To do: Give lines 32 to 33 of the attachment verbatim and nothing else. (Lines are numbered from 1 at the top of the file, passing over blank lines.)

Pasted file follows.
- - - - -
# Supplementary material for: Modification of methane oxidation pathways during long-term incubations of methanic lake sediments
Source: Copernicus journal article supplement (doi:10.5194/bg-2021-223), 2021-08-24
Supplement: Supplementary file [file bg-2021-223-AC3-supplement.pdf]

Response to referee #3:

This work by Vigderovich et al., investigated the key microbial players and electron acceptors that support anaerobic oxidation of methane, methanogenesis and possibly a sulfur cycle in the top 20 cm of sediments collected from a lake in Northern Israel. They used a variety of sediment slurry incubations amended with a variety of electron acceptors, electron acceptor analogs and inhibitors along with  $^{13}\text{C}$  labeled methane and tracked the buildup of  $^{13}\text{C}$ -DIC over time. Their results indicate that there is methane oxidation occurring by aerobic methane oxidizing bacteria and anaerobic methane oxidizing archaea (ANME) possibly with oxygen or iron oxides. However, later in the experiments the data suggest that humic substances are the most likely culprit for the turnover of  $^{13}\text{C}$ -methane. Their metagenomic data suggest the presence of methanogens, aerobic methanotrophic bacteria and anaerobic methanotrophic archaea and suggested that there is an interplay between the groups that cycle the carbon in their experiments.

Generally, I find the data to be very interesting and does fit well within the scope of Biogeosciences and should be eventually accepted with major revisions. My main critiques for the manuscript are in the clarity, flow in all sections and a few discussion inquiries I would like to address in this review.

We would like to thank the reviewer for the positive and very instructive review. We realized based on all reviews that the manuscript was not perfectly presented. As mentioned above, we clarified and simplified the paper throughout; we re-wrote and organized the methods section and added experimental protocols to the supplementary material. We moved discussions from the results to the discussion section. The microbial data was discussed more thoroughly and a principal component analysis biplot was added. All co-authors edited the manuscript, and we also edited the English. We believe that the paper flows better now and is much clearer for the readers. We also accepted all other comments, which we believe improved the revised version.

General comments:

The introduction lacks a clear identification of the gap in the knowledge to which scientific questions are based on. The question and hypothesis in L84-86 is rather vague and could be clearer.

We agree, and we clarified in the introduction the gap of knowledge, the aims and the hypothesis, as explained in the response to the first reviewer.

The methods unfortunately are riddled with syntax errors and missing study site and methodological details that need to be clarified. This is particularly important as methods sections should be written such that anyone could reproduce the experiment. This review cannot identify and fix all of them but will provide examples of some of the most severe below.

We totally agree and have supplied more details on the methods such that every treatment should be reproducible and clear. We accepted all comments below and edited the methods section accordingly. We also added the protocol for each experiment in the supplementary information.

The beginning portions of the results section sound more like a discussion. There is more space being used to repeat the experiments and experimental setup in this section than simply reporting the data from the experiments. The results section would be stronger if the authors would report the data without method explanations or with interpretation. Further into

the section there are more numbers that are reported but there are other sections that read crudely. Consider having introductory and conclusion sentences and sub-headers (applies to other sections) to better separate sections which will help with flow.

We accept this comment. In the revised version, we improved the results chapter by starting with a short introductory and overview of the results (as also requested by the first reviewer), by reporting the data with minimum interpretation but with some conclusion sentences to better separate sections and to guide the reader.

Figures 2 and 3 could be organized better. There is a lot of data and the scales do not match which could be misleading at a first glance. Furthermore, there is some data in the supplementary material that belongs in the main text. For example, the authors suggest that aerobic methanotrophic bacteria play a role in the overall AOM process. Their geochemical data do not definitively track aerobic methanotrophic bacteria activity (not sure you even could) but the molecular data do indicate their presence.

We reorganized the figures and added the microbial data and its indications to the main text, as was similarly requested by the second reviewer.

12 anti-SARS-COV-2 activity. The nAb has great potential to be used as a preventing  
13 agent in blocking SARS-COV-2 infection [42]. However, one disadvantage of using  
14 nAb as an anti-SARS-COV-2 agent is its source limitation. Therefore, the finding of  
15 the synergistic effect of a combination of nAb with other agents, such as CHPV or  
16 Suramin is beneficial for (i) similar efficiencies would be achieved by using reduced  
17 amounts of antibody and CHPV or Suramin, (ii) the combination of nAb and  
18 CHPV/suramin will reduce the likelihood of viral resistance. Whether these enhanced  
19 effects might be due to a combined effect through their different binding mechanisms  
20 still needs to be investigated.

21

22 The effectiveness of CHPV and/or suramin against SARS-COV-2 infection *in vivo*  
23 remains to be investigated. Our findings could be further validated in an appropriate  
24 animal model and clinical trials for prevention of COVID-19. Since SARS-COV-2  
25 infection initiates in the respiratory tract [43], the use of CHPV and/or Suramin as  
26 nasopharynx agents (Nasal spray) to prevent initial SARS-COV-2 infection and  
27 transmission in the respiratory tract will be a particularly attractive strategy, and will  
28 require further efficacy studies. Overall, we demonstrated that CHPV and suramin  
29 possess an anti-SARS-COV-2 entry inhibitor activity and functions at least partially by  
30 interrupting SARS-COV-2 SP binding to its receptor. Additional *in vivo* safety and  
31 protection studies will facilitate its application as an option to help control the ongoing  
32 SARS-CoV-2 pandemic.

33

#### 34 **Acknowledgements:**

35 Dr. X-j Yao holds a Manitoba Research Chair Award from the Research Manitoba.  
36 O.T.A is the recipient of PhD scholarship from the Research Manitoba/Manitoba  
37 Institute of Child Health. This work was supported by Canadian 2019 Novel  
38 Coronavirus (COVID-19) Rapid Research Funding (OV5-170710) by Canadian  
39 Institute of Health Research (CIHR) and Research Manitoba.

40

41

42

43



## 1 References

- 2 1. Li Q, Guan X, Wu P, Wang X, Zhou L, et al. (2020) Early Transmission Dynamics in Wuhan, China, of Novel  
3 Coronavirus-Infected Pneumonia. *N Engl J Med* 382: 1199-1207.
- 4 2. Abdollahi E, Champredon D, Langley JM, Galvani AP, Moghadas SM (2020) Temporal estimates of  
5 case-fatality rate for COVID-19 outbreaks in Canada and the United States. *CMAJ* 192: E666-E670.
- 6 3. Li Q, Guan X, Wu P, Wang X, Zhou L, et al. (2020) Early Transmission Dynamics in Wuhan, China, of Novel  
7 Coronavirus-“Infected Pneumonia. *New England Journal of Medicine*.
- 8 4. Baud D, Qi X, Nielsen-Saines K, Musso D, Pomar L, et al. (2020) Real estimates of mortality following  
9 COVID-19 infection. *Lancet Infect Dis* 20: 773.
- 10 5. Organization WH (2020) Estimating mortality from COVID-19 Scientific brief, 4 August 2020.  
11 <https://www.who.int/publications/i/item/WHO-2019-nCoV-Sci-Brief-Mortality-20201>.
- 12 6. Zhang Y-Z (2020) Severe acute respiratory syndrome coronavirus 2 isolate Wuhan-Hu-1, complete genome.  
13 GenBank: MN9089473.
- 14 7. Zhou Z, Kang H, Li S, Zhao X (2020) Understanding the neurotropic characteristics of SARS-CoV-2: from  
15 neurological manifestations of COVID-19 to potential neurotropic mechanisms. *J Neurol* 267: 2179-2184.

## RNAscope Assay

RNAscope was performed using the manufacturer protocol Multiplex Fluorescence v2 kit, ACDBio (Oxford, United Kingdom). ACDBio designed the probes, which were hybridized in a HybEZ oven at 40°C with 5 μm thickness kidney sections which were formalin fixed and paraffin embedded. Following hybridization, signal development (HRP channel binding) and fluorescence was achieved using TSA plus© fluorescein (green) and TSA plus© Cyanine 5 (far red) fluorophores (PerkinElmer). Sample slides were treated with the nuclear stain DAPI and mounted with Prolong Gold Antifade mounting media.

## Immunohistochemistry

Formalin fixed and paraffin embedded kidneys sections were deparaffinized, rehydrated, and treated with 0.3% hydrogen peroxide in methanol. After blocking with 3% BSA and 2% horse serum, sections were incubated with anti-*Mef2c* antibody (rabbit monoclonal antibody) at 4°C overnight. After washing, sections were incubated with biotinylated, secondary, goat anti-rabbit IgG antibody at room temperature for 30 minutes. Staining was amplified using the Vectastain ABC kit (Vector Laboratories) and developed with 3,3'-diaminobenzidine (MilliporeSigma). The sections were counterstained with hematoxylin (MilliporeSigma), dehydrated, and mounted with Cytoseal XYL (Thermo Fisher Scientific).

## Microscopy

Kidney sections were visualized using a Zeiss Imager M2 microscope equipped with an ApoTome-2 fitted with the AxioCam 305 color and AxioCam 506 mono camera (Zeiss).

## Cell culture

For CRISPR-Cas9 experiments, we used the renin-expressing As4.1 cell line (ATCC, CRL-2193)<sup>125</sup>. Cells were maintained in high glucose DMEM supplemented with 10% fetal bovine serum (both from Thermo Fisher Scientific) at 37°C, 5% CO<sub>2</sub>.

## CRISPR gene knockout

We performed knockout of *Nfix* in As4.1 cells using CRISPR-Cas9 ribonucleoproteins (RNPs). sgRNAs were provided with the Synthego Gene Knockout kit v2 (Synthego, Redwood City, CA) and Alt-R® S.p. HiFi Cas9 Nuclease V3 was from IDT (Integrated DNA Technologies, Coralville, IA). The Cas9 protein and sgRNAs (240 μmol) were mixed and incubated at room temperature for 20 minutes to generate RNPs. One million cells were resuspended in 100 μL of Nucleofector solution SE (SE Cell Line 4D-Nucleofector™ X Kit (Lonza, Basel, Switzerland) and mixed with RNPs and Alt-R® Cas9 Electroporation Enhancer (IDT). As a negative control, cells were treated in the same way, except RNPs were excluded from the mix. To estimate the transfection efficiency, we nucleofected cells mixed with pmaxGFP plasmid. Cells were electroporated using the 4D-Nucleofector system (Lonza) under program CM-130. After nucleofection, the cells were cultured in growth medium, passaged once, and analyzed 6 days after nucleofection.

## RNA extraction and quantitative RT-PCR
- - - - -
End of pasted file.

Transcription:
26 nasopharynx agents (Nasal spray) to prevent initial SARS-COV-2 infection and  
27 transmission in the respiratory tract will be a particularly attractive strategy, and will  